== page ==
Cancer is detected at a late stage because people delay to go for screening, doctors say.
In an interview with Monitor, Dr David Miti, a medical expert at UMC Victoria Hospital, said the biggest challenge is the lack of effective sensitisation about regular screening, which enables early detection.
According to the cancer institute, more than 70 percent of cancers are detected in stage three and four, which is incurable.
“In most cases, stage one cancers can be removed and the recovery period is a year, it’s after that that a year the patient will be declared cancer free. Stage three and four cancer is beyond cure and remission is impossible, stage four cancer means the cancer is everywhere and what is done is majorly palliative care just to contain/manage the disease.” Dr Miti said.
According to the head of research and training at Uganda Cancer Institute, Dr Nixon Niyonzima, 34,000 new cases are registered every year and 22,000 of those lose the battle majorly because it is detected in stage three and four.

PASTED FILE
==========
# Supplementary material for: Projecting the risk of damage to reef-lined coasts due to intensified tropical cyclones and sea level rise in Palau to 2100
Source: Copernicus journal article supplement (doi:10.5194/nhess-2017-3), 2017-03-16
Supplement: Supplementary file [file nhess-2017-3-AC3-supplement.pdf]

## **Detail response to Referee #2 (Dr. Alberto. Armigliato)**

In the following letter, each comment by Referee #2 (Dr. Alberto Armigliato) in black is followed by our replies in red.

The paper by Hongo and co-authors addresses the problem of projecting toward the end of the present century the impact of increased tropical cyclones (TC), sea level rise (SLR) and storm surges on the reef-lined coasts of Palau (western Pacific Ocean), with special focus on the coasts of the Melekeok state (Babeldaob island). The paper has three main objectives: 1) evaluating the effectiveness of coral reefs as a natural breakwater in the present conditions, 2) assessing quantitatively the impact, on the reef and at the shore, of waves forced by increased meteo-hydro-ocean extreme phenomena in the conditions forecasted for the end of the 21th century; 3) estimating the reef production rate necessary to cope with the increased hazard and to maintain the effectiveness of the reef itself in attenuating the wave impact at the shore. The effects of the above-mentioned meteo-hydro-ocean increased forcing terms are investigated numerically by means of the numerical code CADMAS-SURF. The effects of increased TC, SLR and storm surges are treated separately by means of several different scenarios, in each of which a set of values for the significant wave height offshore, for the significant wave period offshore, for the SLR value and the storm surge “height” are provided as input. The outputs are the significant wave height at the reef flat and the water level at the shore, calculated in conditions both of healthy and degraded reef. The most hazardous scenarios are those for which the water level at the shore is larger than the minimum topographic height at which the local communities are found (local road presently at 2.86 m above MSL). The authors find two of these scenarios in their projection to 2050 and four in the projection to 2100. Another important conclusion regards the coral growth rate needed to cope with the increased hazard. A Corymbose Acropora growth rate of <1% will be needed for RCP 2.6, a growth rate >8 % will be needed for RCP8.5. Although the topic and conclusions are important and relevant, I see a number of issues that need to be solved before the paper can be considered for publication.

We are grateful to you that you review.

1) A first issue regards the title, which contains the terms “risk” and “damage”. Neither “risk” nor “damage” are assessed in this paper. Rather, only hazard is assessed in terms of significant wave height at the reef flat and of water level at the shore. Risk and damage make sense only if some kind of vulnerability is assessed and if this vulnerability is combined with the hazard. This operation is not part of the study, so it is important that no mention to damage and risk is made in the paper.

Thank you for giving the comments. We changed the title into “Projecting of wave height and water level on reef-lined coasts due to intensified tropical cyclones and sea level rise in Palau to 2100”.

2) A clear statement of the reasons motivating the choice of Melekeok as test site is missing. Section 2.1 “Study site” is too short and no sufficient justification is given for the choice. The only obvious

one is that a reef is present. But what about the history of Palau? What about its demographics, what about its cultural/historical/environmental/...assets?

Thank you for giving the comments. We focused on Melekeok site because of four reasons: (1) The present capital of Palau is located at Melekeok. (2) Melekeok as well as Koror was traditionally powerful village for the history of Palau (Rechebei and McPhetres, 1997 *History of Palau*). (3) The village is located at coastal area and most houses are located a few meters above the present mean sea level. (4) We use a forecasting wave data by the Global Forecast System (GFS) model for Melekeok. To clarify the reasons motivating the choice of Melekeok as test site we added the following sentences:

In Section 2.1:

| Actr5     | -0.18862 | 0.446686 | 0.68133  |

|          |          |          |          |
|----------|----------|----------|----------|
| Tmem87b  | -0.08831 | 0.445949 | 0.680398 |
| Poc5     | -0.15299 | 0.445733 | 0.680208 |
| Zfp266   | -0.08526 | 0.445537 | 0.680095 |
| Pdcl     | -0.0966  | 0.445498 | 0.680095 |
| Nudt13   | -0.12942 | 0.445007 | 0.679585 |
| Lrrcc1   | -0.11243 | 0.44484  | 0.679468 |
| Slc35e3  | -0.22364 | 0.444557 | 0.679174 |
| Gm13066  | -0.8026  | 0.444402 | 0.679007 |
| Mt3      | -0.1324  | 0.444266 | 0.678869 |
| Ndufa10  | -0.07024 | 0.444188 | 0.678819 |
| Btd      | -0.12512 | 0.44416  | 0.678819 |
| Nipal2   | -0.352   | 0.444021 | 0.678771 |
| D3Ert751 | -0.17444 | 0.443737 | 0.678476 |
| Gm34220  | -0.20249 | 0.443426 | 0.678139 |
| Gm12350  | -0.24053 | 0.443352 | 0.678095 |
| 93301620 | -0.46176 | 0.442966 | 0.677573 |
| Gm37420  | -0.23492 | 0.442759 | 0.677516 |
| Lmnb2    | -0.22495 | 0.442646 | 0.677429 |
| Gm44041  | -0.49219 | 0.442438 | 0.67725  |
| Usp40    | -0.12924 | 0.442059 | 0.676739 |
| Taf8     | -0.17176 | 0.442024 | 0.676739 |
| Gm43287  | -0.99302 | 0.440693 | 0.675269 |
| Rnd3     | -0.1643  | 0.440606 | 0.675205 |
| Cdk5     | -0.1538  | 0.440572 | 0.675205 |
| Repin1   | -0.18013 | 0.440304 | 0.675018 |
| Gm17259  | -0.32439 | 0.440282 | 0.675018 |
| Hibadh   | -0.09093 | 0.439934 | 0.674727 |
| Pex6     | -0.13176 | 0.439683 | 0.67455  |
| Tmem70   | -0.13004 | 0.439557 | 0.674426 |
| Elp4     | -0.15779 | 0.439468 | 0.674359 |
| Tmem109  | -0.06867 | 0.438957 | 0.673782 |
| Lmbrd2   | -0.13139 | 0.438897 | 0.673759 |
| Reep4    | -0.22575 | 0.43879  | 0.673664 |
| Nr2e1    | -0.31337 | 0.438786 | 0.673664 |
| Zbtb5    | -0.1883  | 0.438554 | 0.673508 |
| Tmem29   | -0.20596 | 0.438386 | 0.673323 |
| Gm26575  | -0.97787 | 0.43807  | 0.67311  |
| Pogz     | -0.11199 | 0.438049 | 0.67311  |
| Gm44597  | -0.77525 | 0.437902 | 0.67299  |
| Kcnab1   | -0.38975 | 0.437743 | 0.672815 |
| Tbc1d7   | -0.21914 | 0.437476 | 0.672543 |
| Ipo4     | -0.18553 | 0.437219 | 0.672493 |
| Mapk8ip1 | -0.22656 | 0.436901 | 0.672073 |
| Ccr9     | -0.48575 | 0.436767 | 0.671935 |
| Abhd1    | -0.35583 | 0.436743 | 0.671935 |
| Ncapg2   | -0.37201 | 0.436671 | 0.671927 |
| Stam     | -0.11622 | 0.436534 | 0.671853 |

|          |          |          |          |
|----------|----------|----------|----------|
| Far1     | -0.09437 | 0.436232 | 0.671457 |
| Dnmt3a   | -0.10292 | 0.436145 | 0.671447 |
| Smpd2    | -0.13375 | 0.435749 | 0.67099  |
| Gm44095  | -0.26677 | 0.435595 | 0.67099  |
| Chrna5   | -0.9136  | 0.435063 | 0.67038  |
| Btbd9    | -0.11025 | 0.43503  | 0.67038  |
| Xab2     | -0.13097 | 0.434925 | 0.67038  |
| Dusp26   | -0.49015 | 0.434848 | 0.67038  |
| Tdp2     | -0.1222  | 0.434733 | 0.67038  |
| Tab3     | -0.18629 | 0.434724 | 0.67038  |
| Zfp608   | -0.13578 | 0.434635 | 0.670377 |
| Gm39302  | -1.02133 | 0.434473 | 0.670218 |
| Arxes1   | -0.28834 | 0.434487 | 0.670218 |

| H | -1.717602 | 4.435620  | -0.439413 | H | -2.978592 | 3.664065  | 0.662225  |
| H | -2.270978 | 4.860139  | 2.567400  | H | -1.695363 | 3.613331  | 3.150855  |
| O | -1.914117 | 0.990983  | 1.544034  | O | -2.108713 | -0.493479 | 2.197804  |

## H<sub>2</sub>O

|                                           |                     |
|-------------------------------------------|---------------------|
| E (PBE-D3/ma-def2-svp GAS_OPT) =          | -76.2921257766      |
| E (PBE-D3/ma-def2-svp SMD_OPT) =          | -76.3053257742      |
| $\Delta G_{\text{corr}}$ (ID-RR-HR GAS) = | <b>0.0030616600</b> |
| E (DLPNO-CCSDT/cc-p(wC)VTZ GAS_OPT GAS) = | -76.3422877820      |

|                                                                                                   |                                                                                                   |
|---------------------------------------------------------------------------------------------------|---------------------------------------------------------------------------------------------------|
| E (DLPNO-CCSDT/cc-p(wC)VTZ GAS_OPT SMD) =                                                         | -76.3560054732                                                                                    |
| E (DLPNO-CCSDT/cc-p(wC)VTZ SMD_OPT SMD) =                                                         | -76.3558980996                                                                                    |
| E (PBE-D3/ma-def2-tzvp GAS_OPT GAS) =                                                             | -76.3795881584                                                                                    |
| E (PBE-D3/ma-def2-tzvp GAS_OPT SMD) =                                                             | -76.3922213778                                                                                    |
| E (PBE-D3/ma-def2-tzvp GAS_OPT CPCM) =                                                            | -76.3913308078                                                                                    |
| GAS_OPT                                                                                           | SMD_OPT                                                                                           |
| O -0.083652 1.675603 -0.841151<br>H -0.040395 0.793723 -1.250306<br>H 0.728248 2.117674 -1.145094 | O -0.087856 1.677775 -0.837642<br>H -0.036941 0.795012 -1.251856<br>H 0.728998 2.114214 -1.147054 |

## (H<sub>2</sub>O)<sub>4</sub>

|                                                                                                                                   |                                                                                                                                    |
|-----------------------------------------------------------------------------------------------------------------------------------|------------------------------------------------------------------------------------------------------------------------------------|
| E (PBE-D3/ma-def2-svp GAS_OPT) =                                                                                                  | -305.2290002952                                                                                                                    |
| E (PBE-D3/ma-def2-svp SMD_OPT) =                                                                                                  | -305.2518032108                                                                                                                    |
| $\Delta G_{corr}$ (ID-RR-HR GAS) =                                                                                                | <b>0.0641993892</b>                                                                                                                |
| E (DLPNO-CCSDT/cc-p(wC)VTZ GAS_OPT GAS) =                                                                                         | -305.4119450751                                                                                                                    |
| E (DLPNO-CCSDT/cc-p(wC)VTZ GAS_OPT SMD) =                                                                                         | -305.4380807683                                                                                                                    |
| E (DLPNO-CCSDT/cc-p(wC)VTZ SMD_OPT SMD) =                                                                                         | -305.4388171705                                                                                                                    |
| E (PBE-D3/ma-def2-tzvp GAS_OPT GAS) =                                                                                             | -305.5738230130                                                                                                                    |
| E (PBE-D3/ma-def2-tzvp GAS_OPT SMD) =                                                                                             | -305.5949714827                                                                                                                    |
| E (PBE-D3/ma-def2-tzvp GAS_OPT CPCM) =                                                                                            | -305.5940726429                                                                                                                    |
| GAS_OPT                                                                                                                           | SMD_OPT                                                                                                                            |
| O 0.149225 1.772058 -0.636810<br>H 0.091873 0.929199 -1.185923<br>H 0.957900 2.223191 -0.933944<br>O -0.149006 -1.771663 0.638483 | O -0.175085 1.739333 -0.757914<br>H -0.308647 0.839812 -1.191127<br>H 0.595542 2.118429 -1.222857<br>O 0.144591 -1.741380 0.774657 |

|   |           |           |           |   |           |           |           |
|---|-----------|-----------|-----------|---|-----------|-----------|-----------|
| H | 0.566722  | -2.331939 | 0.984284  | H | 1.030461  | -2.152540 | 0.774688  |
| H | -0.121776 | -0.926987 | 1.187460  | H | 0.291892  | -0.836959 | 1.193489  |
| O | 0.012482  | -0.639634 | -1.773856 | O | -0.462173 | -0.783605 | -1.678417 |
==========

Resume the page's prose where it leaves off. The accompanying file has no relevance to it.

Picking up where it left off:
Dr Miti cited high cost of screening at private facilities and the queues at government facilities, which affect regular screening. He also criticised patients that first seek herbal medication and later resort to hospitals after the situation worsens.
The medical officer warned of the increase in breast cancer cases, adding that even those below the age of 30 are susceptible to cancer.
“Most young girls will feel a lump in the breast but keep quiet or ignore it, or feel shy to tell anyone or have it checked out and before you know it has gone from being non-cancerous to being cancerous,” he noted.
He revealed that women that take long to give birth also run a higher risk of getting cancer.
Dr Moses Mpairwe, an oncologist surgeon from the Uganda Cancer Institute, called upon people to be more mindful of lifestyle.
“This involves feeding well, this means having a balanced diet, eating more of greens and vegetables, avoiding processed food, like sausages, carbonated drinks and meats. Keep active, do regular exercises, work out, this helps keep the body in shape, quit smoking and drinking,” he said.
Dr Miti also called upon people to avoid unnecessary radiation such as living near telephone masts and X-rays.
According to the World Health Organisation, cancer is the second leading cause of death globally, accounting for an estimated 9.6 million deaths, or one in six deaths, in 2018.